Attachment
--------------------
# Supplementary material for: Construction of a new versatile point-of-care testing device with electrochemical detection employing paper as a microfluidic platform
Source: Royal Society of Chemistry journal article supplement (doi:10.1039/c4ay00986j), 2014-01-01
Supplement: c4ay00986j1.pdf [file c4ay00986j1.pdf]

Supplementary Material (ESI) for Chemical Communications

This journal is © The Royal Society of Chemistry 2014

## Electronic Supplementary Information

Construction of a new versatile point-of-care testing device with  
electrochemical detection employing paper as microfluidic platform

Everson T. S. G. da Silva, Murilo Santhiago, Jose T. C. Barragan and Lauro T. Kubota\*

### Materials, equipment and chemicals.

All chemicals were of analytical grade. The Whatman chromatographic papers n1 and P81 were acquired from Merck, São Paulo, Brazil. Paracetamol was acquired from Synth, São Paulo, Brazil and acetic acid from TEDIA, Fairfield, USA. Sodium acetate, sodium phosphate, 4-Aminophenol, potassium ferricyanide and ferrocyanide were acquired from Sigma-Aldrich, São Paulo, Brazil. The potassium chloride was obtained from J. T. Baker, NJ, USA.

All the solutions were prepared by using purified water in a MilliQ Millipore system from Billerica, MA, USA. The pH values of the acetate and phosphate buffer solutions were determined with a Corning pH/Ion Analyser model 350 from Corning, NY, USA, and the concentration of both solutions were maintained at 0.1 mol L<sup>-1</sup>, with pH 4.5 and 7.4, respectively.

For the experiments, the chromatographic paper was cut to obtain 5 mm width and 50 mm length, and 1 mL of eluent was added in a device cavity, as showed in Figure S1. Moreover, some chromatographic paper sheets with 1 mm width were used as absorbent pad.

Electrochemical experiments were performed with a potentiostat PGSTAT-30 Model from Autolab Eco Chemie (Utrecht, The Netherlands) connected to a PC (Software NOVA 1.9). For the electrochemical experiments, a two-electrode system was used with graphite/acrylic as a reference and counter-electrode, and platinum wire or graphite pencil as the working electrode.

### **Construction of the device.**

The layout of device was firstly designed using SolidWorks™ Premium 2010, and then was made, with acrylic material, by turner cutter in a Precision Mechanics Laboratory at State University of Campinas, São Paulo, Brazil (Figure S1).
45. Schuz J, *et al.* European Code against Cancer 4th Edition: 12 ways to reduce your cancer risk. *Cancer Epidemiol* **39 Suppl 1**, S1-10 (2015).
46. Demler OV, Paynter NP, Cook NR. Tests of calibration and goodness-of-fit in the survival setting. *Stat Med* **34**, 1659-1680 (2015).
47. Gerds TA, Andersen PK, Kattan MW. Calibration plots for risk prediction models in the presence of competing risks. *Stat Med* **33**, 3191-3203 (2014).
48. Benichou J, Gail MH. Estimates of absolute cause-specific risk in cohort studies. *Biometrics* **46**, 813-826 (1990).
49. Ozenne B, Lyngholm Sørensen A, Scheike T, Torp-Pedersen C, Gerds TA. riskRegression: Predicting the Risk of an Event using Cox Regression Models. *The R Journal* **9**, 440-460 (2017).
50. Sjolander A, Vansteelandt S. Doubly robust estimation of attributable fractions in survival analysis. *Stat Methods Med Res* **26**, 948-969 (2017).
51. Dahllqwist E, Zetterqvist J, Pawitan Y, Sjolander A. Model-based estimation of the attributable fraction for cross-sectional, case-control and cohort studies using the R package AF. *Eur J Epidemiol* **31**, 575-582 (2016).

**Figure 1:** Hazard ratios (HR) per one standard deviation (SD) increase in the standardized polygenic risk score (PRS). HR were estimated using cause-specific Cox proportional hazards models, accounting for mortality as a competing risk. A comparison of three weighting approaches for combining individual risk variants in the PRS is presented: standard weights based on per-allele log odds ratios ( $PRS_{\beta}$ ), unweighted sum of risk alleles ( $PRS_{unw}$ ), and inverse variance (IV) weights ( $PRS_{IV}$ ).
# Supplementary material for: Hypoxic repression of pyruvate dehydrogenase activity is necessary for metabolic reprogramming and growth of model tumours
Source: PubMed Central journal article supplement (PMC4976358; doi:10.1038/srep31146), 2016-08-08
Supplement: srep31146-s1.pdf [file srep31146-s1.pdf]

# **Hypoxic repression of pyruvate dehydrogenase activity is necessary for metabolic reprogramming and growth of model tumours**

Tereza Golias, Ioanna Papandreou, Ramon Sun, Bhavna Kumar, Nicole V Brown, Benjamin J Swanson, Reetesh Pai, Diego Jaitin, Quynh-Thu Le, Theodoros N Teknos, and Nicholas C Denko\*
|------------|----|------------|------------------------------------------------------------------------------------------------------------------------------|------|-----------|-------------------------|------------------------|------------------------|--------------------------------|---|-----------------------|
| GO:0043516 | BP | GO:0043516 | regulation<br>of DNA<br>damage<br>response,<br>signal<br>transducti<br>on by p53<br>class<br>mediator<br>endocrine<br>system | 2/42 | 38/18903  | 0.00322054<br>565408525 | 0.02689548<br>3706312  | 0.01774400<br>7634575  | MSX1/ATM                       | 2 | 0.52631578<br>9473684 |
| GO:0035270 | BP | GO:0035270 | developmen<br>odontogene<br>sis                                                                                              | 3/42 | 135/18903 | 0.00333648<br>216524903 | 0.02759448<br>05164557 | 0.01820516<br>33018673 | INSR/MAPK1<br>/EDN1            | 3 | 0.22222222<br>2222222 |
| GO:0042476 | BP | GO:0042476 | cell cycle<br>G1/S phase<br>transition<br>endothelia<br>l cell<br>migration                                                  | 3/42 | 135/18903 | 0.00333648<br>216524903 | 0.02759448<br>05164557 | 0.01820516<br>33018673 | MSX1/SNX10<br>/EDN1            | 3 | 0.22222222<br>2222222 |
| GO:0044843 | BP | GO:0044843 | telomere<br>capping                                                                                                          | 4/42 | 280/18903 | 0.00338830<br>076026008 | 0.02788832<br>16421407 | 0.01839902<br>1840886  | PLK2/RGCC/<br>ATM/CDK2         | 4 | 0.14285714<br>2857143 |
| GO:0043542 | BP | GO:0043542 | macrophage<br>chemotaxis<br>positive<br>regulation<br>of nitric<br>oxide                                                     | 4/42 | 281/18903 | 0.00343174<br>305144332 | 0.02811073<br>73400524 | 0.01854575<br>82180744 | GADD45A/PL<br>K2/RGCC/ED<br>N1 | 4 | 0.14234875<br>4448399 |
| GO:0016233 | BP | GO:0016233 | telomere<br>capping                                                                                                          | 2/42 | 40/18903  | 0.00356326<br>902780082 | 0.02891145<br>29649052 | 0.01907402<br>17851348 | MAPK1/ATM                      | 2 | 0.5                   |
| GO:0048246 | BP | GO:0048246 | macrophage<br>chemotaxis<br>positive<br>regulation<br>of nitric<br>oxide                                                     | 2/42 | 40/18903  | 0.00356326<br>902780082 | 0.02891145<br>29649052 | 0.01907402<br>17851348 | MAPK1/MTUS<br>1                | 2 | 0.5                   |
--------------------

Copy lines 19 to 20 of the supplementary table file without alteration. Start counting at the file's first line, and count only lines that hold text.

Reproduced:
47. Gerds TA, Andersen PK, Kattan MW. Calibration plots for risk prediction models in the presence of competing risks. *Stat Med* **33**, 3191-3203 (2014).
48. Benichou J, Gail MH. Estimates of absolute cause-specific risk in cohort studies. *Biometrics* **46**, 813-826 (1990).